This crazy level of vigilance was not relaxing over the holidays. It did not allow me to sit back and enjoy the moment. I made nut-free baked goods, one that attempted to copy a store-bought cake that my husband’s family enjoys. It did not taste good. We had to ask well-meaning hosts to put away popcorn that could be contaminated and had to watch out for bakery-baked cookies that were brought. With all this, he still had a mild allergic reaction, and we’re not entirely sure to what.
Sometimes I feel crazy like this with financial planning. I look at most people’s current situation and wonder how they are going to reach their dreams. There are so many obstacles that this generation faces that the World War II generation and the Boomers did not. Traditional pensions do not exist for most people. College costs are soaring. People in their 20’s who need to be saving for retirement are faced with a challenging (to say the least) job market and are completely buried in student loans. Health care costs are at an all-time high. On top of this, our politicians are doing everything in their power to make Social Security insolvent by the time we reach retirement. Where’s my epi-pen for this insanity?
Finances can make you crazy. The same level of vigilance is needed for budgets, daily bill paying, and retirement planning as is needed to prevent an accidental exposure to allergies. Because of this, we recommend seeing a professional- someone who can help you make sense of it all, and someone who can take the crazy investing burden off your shoulders.
Our family has a long time tradition of baking a variety of goodies for the holidays. One of our most requested treats is Almond Roca candy. It’s not your typical holiday cookie (it’s like a heath bar) so people generally assume it’s more difficult to prepare. Actually, the recipe is quite simple – there are only 5 ingredients in the toffee. The process really isn’t too difficult, either, as long as you have a candy thermometer. The difficult part is the timing of it, because it goes very quickly. Planning for each step is crucial. I’ve learned through practice to prepare “stations” so that the whole process runs smoothly. Isn’t this similar to financial planning? People generally think of planning for retirement as a daunting task. As long as you have a good, sound plan each “station” of your life can run smoothly. Planning for these stations is something that financial advisors, just like bakers, have perfected through education and practice. A good financial advisor has lead many clients into a smooth, successful retirement and therefore can help you to plan for yours. While I cannot blog out a generic financial plan for every individual to follow, I can share my process for Almond Roca candy.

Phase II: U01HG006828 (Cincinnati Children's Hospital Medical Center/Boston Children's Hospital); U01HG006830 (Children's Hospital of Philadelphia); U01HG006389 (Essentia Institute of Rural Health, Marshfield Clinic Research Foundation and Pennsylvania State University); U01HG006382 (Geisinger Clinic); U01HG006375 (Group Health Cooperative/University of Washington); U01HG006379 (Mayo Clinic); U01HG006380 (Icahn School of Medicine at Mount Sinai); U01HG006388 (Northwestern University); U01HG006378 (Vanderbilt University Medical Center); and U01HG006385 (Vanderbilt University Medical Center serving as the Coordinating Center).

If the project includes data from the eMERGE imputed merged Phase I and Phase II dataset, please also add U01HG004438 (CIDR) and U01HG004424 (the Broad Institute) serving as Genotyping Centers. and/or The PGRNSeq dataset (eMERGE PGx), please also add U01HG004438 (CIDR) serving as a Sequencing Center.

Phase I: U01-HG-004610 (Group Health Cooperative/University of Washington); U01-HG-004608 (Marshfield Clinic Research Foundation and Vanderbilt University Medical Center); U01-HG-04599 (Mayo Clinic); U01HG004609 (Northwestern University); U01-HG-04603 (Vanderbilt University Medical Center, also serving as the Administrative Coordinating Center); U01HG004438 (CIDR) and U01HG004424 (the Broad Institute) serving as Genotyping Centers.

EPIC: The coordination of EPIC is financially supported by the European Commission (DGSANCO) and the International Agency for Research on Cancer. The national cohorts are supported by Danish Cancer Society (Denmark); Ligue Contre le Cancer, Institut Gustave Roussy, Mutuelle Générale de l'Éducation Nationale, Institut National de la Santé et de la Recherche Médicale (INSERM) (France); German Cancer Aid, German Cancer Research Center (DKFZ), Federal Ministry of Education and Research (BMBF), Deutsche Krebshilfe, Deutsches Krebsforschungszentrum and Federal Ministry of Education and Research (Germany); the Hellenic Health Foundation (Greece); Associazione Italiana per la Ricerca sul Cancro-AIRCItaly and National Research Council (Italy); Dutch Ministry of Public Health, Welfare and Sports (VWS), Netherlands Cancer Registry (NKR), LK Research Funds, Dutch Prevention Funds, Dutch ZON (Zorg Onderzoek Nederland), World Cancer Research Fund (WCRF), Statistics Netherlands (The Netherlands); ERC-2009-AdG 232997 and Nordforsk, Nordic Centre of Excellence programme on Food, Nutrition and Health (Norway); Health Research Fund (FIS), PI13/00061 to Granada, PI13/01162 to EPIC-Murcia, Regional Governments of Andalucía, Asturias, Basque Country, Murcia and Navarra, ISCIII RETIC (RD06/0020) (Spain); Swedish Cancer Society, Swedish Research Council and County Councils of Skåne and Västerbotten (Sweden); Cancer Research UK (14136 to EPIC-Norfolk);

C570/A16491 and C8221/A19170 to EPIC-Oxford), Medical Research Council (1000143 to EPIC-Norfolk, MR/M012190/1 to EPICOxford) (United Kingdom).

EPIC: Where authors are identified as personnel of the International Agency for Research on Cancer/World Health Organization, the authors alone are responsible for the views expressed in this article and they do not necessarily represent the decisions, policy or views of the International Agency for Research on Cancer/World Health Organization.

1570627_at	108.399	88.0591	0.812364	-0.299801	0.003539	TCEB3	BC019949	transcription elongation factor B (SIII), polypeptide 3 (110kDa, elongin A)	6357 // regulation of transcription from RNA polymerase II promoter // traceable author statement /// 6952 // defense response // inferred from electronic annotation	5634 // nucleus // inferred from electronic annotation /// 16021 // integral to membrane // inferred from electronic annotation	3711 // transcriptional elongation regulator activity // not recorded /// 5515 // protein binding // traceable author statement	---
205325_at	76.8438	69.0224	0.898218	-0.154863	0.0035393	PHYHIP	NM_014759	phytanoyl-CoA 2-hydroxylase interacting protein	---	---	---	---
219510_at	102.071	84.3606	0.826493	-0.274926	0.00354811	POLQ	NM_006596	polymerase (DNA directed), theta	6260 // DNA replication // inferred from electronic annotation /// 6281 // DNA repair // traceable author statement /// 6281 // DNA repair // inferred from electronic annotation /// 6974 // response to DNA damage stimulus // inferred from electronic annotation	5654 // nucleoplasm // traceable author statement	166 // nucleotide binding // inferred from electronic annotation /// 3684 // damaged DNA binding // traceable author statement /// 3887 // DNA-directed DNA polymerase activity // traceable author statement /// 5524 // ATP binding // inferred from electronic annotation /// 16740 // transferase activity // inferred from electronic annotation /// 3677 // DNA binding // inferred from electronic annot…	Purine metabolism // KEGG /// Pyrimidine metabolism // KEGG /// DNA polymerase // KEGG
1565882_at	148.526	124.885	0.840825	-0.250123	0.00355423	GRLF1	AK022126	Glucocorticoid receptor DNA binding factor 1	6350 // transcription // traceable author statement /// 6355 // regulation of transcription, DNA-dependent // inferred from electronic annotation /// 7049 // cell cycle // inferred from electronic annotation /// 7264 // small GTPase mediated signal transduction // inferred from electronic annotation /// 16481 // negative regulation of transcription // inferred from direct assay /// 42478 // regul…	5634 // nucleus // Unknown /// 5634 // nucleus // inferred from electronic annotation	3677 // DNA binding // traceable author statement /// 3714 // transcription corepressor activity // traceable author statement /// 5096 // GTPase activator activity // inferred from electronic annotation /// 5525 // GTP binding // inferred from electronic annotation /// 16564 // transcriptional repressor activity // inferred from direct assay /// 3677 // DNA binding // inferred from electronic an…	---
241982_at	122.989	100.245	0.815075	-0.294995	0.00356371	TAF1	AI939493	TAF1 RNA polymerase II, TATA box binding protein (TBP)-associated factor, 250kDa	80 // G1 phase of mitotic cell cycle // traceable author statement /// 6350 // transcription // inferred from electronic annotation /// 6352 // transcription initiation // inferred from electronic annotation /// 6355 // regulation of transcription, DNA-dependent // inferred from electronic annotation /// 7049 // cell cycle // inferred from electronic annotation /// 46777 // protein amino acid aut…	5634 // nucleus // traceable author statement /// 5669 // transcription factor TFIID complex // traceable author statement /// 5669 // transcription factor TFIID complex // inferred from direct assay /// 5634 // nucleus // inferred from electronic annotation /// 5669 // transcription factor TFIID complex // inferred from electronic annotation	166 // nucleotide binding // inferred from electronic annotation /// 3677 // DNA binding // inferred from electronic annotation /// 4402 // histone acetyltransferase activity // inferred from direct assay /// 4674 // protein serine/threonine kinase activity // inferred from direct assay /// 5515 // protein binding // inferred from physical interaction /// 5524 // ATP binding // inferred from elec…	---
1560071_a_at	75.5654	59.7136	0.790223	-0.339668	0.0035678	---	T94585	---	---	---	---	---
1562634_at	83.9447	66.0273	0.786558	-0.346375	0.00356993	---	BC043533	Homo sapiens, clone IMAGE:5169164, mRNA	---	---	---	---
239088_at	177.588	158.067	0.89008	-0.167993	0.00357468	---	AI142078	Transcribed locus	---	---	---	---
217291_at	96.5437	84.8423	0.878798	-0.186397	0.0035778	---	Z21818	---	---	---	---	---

Posted on in Recipes
1 cup salted butter (2 sticks)
1 cup sugar
3 tbsp water
1 tbsp light corn syrup
1 ½ cups sliced or slivered almonds chopped in food processor, separated
1 (12 oz) package milk chocolate chips
Station 1: 2-3 qt saucepan, wooden spoon, candy thermometer and oven mitts.
Station 2: cookie sheet covered with aluminum foil and placed on a rack or
trivet (cookie sheet gets hot!), open bag of chocolate chips,
½ cup almonds and a knife for spreading chocolate.
Station 3: empty sink
Cook over high heat. Once this starts boiling you will need to stir it constantly.
It will get very hot; I use an oven mitt for my stirring hand and one to hold onto the pot handle as well. Boil over high heat, stirring constantly, until mixture reaches 290°.
Place pot and thermometer into sink and run water into it. If you can get the water into the pan before the toffee sets clean-up is easier. Smooth toffee out over cookie sheet into about ¼ inch layer.
Pour chocolate chips over hot toffee.
Put spoon into pan with water in the sink. Chocolate chips will melt from the heat of the hot toffee. Smooth the melted chips evenly over the toffee.
Sprinkle with the remaining almonds.
Cool completely. I place mine in refrigerator to cool. Break into pieces and enjoy!
I talk to people all the time about money. I try to get them to get their finances in order, pay down debt, have an emergency fund, and save for their futures. And I hear excuses. Sometimes I don’t hear excuses because I simply hear nothing. We talk about this in the office- why can’t people get their financial lives in order? It’s so important- more important than ever, especially for those who are not going to receive traditional pensions upon retirement. Then I realized I was just as bad.
Over the summer I started looking into mortgage rates. Rates are at historic lows and I thought it would be a great time to turn my 30 year loan into a 15 year loan. I ran the numbers ten different ways to see what would work the best. I found out that at minimum, my husband and I would save over $100,000 over the course of our loan. And then I walked away from the process.
See, I was busy. My daughter started school, work was busy, home life was busy. I had all the excuses that I have heard from clients at the office. And they didn’t feel like excuses, I genuinely was busy. I just put the entire process on hold. One day my husband asks me, “How’s the refinance process going?” I stumbled. I picked up my phone and called the agent I am working with and started the process over.
I thought about walking away and doing nothing. After all, doing nothing is a decision as much as taking action. And then I thought what a ridiculous mistake that would be. Because I was overwhelmed with life I was going to spend an extra $100,000 on my house? That’s real money!
I understand where clients are coming from when they don’t take action. I understand, but I urge them still to think about the consequences. Not saving now, not paying down debt, or not taking advantage of an opportunity can be a decision that swings your future economic situation by quite a bit.